Uganda: High costs of Covid-19 treatment, a problem for patients. 

Uganda: High costs of Covid-19 treatment, a problem for patients. 

Uganda: High costs of Covid-19 treatment, a problem for patients. 

/ Santé / Thursday, 08 July 2021 18:41

source photo: The Conversation


By Kabakura Jean Bosco Ceusi 

Ms Sarah Mirembe, mother of two, told Oeil d'humanité that her grandmother, Ms Robina Matovu, aged 70, was diagnosed with Covid-19 and admitted to Ntinda Hospital, in the suburbs of Kampala, on June 13.

“We were told to deposit Shs2.5m before the medics could act, but once the money was paid, the patient was immediately wheeled to an emergency room for that night,” she says.

The Uganda Dental and Medical Practitioners Council (UDMPC) says it is unethical for healthcare providers to ask for any down payment when emergency care should be provided in the first place to save lives.

Ms Mirembe adds: “However, the next day, grandma was transferred to a room which (I think) a patient had just left because its bathroom was dirty. We were not sure whether the previous occupant was also a Covid-19 patient, but when we asked to clean  the premises, nothing was done. So one of us bought disinfectants and cleaned it the room.” I also noticed that there was no nutritionist to guide us on what to feed the patient with, so the caretaker had to look for food from outside and bring it to the patient”.

Ms Mirembe says on June 15, her grandmother’s oxygen was allegedly given to ‘a more critical emergency’, meaning that she was not on oxygen until the next day.

Ms Mirembe’s family has since not known the « alleged » critically ill patient, who necessitated the removal of their own patient’s oxygen.

A general receipt shared by Ms Mirembe shows oxygen therapy was the most expensive item at the hospital. It costed  Shs3m per day, while physiotherapy amounted to  Shs200,000 per day and was only given from June 13 to 16.

It is worth noting that a critically ill Covid-19 patient uses around 10 oxygen cylinders per day, and this according to information from the umbrella body of private health facilities.

Each cylinder is refilled at around Shs40,000, meaning the hospital spends around Shs400,000, excluding delivery costs, which may not exceed Shs100,000. 

A family member, who is also a health professional but declined to mention his name, says they reportedly mooted the idea of sourcing the oxygen from outside in order to minimise costs, but their idea was totally rejected  by the hospital.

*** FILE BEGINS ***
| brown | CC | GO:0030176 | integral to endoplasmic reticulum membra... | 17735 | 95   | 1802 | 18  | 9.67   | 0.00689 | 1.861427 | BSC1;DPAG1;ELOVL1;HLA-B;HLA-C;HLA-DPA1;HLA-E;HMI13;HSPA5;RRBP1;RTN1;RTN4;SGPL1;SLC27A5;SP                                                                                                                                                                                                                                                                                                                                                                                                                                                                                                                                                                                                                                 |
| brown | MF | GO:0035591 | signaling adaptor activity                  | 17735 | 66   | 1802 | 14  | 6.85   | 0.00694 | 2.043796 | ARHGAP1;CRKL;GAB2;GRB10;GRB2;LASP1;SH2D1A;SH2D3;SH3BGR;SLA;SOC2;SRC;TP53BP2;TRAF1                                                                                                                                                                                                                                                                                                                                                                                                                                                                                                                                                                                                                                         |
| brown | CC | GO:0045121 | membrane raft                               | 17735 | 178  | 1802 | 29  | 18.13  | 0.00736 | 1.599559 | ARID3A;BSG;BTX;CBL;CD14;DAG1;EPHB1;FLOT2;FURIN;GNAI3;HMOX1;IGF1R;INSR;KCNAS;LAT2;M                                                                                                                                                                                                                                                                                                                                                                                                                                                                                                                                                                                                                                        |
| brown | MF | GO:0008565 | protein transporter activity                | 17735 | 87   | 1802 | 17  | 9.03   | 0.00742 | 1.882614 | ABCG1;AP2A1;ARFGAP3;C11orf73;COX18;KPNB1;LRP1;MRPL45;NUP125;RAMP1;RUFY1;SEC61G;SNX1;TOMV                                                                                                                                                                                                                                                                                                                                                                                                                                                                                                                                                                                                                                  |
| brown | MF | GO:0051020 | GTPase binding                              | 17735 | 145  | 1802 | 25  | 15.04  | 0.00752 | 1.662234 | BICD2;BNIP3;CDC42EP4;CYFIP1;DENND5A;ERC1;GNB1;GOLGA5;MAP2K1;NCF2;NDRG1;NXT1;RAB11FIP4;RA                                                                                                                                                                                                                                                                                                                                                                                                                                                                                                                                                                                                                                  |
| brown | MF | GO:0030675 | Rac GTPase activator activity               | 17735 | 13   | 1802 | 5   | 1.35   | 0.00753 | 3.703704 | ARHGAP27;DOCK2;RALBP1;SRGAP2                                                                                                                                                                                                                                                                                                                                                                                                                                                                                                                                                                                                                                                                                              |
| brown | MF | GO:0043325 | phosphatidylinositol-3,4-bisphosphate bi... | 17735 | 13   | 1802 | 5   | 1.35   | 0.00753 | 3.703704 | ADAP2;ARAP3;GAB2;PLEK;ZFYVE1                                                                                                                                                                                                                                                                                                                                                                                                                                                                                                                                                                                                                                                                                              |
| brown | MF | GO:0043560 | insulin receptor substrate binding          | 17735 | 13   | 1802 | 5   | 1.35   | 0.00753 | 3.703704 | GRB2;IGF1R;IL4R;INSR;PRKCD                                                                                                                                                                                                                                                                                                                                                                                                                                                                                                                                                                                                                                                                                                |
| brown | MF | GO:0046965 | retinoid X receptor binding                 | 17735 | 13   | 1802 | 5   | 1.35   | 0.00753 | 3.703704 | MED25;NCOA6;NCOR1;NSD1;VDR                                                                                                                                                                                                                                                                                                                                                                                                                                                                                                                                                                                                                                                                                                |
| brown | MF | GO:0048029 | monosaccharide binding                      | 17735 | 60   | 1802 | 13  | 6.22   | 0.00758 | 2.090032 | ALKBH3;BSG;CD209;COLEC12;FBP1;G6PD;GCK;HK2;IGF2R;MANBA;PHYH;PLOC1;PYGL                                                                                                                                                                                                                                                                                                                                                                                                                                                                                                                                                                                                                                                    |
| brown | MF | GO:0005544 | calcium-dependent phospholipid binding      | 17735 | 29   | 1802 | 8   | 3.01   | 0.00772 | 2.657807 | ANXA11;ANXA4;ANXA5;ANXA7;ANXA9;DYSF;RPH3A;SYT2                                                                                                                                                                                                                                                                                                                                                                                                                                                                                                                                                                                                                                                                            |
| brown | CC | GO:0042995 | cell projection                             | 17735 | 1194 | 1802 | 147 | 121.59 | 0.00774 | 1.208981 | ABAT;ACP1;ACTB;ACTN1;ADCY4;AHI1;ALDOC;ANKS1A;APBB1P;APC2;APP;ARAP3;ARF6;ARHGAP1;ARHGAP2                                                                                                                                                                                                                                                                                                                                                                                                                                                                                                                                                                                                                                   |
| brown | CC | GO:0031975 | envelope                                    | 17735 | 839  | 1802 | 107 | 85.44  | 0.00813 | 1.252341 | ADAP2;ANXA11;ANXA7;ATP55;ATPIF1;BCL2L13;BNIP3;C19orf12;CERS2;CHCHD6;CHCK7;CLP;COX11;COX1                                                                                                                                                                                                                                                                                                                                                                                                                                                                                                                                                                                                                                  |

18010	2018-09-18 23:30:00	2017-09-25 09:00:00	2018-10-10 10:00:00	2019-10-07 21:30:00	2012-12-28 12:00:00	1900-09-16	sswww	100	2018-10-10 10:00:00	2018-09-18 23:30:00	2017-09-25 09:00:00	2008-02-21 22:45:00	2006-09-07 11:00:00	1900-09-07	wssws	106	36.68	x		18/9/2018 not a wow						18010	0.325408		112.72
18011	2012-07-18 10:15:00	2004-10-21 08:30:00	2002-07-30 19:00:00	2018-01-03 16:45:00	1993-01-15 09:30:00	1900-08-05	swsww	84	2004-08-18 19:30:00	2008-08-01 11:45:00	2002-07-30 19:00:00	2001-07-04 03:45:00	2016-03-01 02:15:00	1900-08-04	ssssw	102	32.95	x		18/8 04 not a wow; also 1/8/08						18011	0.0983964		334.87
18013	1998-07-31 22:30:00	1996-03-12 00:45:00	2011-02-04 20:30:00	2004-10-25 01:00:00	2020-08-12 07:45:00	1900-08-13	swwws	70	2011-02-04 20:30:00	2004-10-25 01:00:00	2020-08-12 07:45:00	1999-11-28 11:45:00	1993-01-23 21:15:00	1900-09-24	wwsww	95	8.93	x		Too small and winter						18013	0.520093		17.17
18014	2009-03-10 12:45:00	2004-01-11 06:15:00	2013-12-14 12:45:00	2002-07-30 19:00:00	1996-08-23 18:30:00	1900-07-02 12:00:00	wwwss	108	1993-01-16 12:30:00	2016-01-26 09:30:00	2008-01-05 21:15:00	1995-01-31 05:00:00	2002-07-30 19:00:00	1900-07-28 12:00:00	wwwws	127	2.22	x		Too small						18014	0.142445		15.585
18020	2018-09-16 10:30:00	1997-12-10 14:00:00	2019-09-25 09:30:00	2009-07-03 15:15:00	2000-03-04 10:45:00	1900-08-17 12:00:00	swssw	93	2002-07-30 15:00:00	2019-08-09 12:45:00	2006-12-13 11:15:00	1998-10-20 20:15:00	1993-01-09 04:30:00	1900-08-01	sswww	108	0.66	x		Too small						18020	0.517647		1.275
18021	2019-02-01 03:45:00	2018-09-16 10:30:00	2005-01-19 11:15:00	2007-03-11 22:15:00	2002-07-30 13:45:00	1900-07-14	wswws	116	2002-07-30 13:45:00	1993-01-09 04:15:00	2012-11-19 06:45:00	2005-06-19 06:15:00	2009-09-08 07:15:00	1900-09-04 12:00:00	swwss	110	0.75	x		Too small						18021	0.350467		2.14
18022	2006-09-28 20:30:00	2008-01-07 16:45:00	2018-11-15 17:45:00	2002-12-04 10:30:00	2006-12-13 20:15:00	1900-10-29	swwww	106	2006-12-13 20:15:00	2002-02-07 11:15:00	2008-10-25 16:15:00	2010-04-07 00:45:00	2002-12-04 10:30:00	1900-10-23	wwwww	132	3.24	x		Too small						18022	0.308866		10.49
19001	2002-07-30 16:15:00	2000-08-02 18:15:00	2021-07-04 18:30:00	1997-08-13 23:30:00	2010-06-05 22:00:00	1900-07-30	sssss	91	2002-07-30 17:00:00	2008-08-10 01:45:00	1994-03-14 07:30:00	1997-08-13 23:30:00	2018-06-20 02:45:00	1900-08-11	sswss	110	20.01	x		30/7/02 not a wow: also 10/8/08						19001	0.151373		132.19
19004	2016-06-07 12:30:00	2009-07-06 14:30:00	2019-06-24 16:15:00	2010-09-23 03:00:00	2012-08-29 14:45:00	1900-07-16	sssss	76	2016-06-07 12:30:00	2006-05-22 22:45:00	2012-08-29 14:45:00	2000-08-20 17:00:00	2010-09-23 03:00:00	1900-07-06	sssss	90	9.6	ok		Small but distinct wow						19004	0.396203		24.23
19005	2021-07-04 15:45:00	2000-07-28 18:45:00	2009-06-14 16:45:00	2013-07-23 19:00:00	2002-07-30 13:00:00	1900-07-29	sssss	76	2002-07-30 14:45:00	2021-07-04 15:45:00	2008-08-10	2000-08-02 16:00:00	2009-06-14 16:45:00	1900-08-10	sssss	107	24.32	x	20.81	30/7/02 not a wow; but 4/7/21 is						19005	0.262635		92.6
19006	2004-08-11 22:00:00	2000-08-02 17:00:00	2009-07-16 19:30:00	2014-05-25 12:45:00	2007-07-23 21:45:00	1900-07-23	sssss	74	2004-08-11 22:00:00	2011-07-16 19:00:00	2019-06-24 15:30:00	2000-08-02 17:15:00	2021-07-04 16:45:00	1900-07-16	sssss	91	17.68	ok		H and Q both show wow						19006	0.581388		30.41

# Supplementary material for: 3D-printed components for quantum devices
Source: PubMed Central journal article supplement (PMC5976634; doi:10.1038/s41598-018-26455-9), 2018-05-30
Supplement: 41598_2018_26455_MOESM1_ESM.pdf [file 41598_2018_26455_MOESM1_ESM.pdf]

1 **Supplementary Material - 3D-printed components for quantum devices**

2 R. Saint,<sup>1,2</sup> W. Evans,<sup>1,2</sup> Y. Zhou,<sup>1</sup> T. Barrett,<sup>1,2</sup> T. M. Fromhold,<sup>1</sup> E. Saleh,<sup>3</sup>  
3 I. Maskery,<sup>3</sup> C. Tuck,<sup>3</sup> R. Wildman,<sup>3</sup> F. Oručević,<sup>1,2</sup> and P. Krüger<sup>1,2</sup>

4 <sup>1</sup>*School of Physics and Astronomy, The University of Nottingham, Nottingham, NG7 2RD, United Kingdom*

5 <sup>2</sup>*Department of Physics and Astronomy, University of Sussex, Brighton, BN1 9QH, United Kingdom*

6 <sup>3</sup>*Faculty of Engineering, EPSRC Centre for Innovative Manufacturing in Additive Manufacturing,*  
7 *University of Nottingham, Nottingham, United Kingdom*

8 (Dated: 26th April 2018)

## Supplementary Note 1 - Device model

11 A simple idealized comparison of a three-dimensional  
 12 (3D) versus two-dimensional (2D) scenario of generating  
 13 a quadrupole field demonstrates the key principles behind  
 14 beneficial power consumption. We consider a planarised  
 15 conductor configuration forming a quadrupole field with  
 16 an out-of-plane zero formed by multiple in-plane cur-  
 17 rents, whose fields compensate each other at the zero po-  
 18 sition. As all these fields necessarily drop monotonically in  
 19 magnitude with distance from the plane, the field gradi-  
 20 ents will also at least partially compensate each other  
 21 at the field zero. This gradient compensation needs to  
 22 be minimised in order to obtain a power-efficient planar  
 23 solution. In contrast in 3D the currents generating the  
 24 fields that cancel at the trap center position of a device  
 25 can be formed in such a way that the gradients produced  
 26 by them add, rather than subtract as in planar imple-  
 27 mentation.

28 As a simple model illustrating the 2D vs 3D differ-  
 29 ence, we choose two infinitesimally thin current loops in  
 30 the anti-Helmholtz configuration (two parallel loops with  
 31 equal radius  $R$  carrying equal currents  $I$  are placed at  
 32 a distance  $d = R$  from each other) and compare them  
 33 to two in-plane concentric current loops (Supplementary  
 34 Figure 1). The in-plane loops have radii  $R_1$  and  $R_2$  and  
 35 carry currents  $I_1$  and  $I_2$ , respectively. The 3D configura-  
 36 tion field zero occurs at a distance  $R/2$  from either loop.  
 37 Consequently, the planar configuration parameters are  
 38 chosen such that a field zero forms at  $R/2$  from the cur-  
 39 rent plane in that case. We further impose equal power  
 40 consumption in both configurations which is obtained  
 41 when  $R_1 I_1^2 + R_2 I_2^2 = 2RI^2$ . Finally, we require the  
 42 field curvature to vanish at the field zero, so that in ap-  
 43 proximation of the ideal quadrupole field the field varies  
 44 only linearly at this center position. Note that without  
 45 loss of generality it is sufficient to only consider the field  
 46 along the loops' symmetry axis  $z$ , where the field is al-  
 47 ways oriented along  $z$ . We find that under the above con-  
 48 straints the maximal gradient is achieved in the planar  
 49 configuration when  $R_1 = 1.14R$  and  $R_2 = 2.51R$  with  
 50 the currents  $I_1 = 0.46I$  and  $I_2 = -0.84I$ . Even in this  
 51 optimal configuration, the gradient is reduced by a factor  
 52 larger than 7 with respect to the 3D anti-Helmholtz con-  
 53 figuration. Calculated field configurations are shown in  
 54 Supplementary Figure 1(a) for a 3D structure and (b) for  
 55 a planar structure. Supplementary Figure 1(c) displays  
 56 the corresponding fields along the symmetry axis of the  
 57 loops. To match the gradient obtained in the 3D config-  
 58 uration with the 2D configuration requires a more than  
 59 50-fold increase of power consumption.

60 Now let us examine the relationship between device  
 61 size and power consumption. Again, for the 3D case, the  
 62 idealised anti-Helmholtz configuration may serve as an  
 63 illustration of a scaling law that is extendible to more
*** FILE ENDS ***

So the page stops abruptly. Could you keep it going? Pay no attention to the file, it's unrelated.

Dr Misaki Wayengera, the head of the Ministerial Scientific Advisory Committee on Covid-19, says chest physiotherapy is very good depending on the situation the patient is in. “There is a way we measure the amount of oxygen in blood using a pulse oximeter,” he says.

The family says their requested to have the Shs2.5m per day bill reduced , but this demand was also rejected, prompting them to suggest relocation of their patient to a Bugolobi-based health facility, which was charging Shs1m per day.

“It was then that the bill was reduced to Shs600,000 per day. For a bill to be reduced from Shs2.5m to just Shs600,000 per day means the original charge was very high in the first place,” the family member said.

He says the family ended up paying about Shs14m between June 13 - admission day- and June 25  - discharge day.

Ms Mirembe says that : 'private hospitals should not exploit the crisis and look at patients as cash cows'. She wanders why hospitals charge families for services which haven’t been fully offered.

Last week, Col Edith Nakalema, the head of the State House Anti-Corruption Unit.

In response, some owners of private hospitals complained of the cost of personal protective equipment (PPEs) and asked the government to help them set up oxygen plants in health facilities and waive some of the taxes they incur. They also requested ventilators and a special low interest rates fund to borrow from .

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